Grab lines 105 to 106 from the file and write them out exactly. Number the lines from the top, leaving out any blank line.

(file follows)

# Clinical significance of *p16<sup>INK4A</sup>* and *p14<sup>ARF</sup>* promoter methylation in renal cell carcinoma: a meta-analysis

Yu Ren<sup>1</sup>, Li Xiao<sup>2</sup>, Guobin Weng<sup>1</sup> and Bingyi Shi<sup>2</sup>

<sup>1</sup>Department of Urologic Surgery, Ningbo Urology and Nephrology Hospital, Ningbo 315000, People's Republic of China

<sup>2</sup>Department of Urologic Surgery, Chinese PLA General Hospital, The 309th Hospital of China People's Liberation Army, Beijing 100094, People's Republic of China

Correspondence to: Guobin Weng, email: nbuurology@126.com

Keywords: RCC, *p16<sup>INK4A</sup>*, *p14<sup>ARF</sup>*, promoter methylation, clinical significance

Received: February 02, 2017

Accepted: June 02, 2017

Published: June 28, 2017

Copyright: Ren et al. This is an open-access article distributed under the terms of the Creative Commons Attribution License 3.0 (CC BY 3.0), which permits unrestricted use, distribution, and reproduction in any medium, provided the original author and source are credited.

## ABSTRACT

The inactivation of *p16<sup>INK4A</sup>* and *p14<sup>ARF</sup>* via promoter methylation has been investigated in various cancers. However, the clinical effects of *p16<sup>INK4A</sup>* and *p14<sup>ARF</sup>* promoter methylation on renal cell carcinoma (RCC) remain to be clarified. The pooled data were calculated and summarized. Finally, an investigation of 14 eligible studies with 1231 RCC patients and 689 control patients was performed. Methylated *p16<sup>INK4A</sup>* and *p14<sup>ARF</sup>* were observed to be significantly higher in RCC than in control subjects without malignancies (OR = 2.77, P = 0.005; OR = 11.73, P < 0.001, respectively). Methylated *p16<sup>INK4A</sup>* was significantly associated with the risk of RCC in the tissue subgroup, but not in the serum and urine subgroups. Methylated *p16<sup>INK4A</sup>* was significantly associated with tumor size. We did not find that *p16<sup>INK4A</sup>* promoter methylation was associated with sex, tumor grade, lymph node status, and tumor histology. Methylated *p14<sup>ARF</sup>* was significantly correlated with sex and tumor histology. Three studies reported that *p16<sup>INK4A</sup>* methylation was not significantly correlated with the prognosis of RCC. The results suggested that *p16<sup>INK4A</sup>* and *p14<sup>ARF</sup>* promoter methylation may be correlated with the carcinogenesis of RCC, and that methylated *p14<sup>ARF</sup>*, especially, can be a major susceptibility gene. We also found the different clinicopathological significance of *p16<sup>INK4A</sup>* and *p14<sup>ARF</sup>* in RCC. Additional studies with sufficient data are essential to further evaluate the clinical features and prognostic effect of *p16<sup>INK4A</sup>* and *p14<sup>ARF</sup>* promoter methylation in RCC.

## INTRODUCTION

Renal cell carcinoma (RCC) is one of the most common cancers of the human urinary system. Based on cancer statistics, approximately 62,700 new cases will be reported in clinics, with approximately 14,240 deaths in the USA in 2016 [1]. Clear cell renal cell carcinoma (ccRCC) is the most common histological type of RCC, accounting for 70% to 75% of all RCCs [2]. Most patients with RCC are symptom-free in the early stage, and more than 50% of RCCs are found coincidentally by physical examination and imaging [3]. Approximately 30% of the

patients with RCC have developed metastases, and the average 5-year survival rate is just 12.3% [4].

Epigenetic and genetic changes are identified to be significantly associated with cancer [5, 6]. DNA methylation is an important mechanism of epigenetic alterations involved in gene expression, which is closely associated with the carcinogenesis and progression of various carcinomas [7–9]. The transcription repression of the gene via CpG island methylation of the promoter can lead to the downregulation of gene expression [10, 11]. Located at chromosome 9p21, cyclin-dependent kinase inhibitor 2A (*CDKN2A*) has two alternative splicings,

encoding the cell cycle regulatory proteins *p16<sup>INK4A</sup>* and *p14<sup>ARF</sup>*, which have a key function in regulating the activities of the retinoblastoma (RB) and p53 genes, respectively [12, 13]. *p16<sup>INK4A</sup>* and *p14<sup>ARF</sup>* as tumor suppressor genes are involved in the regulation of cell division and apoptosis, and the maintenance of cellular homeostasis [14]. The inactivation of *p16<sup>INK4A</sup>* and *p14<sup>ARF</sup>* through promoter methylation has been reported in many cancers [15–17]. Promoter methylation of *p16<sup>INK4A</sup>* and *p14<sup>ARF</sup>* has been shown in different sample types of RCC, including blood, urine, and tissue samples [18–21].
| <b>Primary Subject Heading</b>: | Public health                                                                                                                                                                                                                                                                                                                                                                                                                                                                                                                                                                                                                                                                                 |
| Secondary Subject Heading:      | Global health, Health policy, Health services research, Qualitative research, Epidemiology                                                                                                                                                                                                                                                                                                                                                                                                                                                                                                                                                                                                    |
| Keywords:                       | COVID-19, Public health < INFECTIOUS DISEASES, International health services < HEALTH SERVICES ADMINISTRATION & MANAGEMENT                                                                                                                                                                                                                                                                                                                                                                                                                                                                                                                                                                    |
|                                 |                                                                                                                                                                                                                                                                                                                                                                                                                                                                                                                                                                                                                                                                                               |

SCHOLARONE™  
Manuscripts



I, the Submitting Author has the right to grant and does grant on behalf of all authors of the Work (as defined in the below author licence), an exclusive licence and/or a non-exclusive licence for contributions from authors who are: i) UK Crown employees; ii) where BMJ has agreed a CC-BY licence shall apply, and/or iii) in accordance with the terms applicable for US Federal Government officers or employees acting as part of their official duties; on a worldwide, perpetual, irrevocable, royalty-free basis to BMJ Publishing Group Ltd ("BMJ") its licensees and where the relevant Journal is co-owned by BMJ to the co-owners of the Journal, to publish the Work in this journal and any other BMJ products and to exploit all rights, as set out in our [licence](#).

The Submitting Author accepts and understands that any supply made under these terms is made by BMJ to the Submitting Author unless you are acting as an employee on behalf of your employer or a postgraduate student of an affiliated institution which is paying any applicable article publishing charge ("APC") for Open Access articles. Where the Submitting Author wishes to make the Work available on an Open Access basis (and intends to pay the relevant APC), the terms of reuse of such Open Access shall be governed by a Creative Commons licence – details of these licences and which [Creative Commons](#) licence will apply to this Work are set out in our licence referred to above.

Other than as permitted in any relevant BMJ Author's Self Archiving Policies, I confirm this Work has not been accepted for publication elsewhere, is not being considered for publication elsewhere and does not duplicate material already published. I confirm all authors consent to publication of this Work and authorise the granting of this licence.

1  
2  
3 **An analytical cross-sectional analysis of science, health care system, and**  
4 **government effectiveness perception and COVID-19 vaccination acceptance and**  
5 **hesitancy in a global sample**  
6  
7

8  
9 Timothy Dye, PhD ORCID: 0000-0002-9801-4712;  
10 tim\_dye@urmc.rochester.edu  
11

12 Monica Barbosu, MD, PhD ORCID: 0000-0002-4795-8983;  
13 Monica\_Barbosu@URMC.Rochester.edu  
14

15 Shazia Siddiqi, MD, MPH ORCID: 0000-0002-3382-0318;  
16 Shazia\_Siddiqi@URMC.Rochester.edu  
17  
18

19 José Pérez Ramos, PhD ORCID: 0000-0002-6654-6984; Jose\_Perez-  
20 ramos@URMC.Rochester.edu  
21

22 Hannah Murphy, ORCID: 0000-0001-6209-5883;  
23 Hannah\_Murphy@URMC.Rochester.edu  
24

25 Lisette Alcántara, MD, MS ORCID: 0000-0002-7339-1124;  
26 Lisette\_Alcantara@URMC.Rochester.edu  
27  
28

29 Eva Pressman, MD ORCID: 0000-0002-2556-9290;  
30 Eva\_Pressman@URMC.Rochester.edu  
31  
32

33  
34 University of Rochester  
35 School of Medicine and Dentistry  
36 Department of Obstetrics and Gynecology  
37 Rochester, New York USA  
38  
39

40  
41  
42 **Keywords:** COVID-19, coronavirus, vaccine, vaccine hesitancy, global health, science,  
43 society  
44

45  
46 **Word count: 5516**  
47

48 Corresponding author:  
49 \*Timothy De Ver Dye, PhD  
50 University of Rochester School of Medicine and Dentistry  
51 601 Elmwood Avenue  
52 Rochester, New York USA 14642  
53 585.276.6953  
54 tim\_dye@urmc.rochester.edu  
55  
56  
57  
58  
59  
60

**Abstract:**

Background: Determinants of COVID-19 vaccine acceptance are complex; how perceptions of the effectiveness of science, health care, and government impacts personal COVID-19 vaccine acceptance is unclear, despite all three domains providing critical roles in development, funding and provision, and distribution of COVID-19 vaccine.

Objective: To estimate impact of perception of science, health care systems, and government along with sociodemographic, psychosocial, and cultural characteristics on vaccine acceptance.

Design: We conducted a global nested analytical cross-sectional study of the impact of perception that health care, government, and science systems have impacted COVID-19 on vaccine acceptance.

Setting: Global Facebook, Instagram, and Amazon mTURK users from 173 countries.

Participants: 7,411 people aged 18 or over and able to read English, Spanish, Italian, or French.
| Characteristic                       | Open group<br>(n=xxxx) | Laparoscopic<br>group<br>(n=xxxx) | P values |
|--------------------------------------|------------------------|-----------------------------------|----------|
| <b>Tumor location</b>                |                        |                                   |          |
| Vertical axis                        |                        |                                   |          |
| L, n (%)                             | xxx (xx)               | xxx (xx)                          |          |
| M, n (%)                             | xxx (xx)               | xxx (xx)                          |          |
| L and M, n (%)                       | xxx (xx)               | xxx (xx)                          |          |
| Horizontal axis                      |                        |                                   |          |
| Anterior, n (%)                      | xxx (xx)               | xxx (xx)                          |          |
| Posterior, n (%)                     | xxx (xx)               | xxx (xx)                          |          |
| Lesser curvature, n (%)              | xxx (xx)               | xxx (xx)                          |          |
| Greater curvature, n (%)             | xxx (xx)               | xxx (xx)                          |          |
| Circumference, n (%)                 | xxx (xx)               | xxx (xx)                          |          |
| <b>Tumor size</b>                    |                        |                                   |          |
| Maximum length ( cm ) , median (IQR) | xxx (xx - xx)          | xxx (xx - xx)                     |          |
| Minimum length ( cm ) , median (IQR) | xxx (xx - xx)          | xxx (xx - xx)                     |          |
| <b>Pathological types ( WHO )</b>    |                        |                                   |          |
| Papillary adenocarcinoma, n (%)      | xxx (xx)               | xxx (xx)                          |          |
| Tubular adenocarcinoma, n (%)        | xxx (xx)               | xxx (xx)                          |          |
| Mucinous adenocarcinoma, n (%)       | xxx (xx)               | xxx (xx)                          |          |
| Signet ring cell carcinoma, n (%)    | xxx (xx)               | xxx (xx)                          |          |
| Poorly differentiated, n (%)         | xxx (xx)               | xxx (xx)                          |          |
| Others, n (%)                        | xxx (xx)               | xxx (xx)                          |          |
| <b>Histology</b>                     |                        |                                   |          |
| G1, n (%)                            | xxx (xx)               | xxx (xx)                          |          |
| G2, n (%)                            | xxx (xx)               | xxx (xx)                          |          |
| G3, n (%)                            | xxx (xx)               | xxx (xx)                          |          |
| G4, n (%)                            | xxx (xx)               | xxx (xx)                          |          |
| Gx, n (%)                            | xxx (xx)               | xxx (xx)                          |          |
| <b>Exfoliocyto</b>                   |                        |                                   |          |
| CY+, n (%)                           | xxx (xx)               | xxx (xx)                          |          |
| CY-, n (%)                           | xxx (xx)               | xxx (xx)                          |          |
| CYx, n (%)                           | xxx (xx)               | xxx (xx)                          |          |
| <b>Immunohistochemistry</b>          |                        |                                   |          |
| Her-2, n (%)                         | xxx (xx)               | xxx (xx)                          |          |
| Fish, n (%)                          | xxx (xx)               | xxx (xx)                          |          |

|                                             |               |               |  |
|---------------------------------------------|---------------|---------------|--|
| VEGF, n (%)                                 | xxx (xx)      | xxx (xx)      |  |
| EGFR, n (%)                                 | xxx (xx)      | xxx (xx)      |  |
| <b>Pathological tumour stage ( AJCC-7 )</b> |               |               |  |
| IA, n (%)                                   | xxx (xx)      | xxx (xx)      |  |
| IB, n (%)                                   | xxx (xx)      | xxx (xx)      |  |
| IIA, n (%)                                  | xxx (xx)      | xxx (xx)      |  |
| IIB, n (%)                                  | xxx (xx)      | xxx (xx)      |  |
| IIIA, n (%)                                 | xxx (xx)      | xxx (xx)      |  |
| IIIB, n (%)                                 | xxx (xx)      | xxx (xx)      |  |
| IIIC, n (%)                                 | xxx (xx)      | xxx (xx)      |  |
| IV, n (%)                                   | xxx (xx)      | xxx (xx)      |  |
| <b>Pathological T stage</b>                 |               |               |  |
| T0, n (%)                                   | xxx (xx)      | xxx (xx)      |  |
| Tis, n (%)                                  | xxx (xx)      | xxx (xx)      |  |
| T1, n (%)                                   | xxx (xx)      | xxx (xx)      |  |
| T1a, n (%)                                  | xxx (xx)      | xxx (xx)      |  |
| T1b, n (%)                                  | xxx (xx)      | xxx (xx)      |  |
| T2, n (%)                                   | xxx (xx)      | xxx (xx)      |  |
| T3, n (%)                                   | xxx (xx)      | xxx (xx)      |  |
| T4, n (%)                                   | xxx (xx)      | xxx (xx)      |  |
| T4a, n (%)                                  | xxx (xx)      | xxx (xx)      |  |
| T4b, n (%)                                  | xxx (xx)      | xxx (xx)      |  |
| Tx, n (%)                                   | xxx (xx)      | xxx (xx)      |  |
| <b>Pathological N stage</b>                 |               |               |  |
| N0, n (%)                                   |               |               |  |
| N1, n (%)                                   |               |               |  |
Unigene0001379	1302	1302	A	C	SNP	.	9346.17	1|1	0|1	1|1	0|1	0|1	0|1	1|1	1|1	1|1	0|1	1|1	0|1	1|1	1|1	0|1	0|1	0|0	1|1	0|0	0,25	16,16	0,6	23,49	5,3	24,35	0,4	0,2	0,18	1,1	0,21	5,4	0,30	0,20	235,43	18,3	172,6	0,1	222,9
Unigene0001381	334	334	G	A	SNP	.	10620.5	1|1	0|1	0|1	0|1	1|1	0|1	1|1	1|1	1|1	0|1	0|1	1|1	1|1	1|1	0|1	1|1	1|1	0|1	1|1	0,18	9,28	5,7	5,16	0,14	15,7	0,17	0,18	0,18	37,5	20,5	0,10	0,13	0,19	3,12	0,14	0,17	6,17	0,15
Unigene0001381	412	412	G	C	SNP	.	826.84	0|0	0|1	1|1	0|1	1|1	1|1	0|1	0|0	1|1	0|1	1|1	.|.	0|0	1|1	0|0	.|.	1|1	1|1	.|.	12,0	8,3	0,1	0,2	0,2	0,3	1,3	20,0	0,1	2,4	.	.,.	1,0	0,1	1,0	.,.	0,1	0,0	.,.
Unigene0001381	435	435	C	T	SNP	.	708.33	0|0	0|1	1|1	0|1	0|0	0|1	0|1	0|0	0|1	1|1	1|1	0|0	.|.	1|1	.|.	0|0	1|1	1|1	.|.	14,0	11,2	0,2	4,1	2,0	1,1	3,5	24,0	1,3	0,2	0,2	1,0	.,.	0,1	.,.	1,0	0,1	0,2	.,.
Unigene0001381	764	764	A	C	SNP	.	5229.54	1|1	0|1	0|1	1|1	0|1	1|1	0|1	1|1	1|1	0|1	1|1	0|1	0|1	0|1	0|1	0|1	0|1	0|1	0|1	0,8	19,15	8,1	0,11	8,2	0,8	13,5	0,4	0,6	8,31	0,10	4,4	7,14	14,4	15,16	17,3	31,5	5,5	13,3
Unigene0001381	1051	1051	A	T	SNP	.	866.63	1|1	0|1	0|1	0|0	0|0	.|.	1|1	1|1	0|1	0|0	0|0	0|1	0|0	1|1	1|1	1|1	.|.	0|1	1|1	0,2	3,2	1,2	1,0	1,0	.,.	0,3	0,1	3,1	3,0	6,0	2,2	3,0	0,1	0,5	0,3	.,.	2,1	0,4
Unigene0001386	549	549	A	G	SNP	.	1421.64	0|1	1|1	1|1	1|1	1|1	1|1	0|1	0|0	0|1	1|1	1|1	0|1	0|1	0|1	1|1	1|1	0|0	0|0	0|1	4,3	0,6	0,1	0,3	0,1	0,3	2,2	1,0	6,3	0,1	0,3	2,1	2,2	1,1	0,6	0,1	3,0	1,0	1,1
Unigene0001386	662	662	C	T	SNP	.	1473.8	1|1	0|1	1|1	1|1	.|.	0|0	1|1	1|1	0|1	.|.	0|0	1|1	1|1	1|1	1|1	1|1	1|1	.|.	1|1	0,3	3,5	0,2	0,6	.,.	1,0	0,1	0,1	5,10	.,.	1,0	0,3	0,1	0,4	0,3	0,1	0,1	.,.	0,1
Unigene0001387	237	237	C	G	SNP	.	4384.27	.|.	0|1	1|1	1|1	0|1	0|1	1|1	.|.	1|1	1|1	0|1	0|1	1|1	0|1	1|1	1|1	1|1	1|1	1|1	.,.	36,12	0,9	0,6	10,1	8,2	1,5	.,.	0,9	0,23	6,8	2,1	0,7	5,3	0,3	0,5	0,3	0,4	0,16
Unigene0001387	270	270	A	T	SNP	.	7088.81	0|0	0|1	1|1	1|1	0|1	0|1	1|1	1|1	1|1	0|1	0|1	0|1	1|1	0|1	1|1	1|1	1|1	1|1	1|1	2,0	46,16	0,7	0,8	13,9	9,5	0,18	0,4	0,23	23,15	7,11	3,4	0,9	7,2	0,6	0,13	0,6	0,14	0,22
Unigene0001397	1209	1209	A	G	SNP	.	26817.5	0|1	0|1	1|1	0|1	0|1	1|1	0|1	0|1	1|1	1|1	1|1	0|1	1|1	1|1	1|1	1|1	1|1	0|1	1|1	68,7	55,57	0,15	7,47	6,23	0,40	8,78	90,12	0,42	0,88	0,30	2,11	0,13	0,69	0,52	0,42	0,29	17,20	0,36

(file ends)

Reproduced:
| Circumference, n (%)                 | xxx (xx)               | xxx (xx)                          |          |
| <b>Tumor size</b>                    |                        |                                   |          |